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Publisher: Gollancz

Series: Dune Chronicles (#5)

Genre: Space Opera

Pages: 508

Publication Date: 1984

Verdict: 2/5

Long after the death of the Tyrant Leto Atreides, the human race still follows his Golden Path. But now the ancient order of the Bene Gesserit face a new enemy who may throw all into chaos once more. An enemy that finds its roots shockingly close to home . . .

Heretics of Dune is an improvement on its predecessor for one simple reason. With this book, Frank Herbert has written a novel rather than an essay. We have characters! We have plot! Unfortunately, neither of these is enough to make up for how little I enjoyed this book. It’s a step in the right direction, granted, but a good book this is not.

As with the previous book, Heretics of Dune introduces an entirely new cast, with one notable exception. Duncan Idaho is still around, albeit in ghola form – and a child ghola at that. There’s a sense that things are coming full circle as the reborn Duncan is trained in the arts he once taught to young Paul Atreides. Indeed, at this point it seems that Duncan Idaho is the true protagonist of the Dune series. Even though he’s been killed off multiple times, and the current version is a copy of a copy, he is still the one constant thread running through the Frank Herbert’s books. What this means for the series is that we have yet another shift to a new protagonist, now following Duncan as he learns things we already know, and in some cases have known for several books.

This entire series has a well-deserved reputation for being full of weird. We saw that early on, when giant worms guarded a spice that could both render you immortal and enable you to travel through space. That particular thread reached its apex in God Emperor of Dune, but somehow Frank Herbert manages to make things even weirder with this fifth book in his series. How? I hear you ask. The answer is simple: evil dominatrix space nuns.

In theory, the idea of a malevolent version of the Bene Gesserit makes perfect sense. The wise women of Herbert’s future have been manipulating events behind the scenes for thousands of years. They are both awe-inspiring and terrible, and are rightly called witches by many. So of course it stands to reason that some could take those Bene Gesserit teachings and turn them towards more overtly sinister goals. That has the potential to be an interesting concept. The concept we actually end up with, however, is the Honoured Matres. Descended from Bene Gesserit who fled Leto II centuries earlier, I still don’t know what their end goal is. All we really see are their methods. Sex. Lots and lots of sex. All of it incredibly painful to read. I don’t exactly know how they destroy planets with sex, and quite frankly I don’t care. If Frank Herbert had never included sex in his writing, the world would be a better place. The Honoured Matres are so appallingly written, it’s difficult to see past them. The story of Duncan Idaho is an interesting one, but it’s drowned in some of the worst space opera I can think of.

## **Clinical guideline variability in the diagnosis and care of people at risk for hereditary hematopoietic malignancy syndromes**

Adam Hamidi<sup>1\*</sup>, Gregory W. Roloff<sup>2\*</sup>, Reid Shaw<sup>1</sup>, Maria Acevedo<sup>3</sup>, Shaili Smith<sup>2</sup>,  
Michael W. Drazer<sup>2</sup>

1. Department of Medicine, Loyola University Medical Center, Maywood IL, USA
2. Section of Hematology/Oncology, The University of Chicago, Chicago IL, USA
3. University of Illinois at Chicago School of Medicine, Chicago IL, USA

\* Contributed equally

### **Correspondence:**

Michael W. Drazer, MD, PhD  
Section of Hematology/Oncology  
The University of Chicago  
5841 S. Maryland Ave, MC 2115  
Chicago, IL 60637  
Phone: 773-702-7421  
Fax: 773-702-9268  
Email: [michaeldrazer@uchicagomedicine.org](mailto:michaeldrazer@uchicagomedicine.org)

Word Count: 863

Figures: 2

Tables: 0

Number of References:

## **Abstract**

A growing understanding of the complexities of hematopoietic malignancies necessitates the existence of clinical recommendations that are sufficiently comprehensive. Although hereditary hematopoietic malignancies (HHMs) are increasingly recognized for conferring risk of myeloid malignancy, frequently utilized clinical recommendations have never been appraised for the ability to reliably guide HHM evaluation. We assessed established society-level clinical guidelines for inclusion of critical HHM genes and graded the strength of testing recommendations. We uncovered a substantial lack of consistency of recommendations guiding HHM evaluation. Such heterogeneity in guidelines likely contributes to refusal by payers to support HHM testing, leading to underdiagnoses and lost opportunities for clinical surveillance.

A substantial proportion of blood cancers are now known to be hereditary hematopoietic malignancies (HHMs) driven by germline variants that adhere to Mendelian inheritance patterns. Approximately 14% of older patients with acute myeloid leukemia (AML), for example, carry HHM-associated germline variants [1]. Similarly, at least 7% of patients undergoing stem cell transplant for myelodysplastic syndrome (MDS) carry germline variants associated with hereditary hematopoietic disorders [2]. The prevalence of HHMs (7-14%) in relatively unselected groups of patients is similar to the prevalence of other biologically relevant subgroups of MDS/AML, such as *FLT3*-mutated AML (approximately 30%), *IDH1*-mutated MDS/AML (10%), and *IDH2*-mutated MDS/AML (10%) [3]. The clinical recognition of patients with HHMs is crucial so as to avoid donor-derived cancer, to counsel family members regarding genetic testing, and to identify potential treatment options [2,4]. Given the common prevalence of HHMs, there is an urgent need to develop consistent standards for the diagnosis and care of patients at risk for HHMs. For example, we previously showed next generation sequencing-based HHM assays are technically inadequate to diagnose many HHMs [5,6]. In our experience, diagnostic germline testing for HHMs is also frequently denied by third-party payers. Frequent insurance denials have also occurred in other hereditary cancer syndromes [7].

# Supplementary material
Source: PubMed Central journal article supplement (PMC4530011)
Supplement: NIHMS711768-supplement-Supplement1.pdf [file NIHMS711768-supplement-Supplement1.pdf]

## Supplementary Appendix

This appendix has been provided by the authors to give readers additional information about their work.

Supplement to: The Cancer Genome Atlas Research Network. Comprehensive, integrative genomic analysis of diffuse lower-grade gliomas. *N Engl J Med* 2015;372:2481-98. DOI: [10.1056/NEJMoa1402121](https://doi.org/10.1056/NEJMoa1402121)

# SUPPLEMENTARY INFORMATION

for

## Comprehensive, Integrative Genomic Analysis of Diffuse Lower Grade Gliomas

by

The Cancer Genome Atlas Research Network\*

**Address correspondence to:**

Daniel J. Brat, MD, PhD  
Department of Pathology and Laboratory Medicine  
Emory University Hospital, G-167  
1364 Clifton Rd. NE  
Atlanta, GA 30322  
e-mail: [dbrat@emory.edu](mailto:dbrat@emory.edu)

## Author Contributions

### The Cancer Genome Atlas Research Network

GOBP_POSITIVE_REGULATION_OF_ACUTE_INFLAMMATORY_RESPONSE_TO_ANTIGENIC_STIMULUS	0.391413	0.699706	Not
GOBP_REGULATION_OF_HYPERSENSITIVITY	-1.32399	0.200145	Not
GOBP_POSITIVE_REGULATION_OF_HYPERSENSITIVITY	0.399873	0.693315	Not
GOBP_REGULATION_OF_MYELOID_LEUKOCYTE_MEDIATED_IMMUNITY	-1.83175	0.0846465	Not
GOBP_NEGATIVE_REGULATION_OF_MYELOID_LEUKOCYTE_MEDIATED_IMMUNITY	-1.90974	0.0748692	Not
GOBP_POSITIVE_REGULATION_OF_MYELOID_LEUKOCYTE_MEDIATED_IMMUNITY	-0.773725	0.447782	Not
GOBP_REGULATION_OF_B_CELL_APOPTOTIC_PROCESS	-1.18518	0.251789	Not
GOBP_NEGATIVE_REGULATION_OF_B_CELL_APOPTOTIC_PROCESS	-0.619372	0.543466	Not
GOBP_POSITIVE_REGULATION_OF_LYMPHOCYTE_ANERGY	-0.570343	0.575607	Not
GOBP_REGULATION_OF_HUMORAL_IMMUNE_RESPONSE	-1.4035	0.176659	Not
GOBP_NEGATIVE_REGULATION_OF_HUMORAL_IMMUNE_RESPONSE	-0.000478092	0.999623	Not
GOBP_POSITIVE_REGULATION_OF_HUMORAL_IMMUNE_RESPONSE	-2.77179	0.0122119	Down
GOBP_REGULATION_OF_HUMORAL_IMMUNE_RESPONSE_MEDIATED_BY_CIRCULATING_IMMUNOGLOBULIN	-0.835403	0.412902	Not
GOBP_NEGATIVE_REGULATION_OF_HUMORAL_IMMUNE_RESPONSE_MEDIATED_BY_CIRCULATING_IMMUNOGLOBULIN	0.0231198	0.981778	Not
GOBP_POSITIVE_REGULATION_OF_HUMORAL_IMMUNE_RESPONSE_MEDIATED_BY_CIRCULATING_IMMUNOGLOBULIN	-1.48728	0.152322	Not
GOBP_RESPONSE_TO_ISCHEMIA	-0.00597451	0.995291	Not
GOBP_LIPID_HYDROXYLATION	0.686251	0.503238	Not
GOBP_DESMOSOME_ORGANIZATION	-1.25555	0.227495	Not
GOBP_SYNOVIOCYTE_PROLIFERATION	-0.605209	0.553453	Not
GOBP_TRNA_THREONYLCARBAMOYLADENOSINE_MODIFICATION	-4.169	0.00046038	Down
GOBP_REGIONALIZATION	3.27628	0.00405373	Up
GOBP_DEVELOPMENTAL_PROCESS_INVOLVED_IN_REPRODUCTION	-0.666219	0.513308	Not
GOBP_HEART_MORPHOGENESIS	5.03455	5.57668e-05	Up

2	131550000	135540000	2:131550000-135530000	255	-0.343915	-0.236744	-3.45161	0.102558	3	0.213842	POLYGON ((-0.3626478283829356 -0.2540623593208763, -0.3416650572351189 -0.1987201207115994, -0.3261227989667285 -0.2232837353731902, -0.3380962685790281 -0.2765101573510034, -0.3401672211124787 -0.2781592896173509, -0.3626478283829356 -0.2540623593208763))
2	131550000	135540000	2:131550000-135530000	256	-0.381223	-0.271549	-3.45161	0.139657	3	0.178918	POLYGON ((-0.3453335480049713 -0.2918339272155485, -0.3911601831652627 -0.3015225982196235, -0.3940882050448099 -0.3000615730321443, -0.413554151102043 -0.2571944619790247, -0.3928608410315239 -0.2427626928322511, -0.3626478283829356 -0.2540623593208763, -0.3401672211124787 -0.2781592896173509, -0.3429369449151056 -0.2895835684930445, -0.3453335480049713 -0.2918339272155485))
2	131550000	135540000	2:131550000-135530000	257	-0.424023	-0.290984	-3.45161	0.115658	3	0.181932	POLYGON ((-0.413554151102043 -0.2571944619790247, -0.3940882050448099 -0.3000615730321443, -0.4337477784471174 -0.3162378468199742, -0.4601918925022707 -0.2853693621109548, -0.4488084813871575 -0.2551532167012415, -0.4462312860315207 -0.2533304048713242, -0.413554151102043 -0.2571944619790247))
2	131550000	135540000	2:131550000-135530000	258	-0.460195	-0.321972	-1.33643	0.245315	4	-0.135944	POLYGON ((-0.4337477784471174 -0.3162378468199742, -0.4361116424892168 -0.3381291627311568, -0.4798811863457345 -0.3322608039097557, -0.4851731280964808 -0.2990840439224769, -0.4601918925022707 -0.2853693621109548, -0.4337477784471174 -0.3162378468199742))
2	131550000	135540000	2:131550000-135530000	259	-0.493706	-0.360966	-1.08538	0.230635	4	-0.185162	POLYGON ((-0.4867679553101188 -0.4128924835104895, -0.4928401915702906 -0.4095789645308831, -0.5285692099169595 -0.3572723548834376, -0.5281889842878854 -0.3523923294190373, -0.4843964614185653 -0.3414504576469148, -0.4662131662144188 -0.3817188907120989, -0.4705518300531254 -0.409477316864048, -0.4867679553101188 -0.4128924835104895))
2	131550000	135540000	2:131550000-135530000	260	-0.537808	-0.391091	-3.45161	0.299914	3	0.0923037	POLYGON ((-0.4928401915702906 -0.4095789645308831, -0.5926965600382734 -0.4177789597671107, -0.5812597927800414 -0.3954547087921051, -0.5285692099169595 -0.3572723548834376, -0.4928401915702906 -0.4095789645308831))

If you can put up with the Honoured Matres, there is a little reward to be found in this book. If not, you’ll likely have a similar reaction to me.

2 responses to “BOOK REVIEW: Heretics of Dune, by Frank Herbert”

  1. bormgans Avatar

    Funny, I enjoyed this one the best of the sequels when I reread them (haven’t reread Chapterhouse). But I agree the book has problems, and it’s not nearly as good as the first one.


  2. Westcott Avatar

    If you do not have the intellect to appreciate the philosophical value of this book, then yeah, you are not going to enjoy this book.But, if you can view this book in a more holistic manner, and see the truth of its insight, then you will appreciate the depth of the material.


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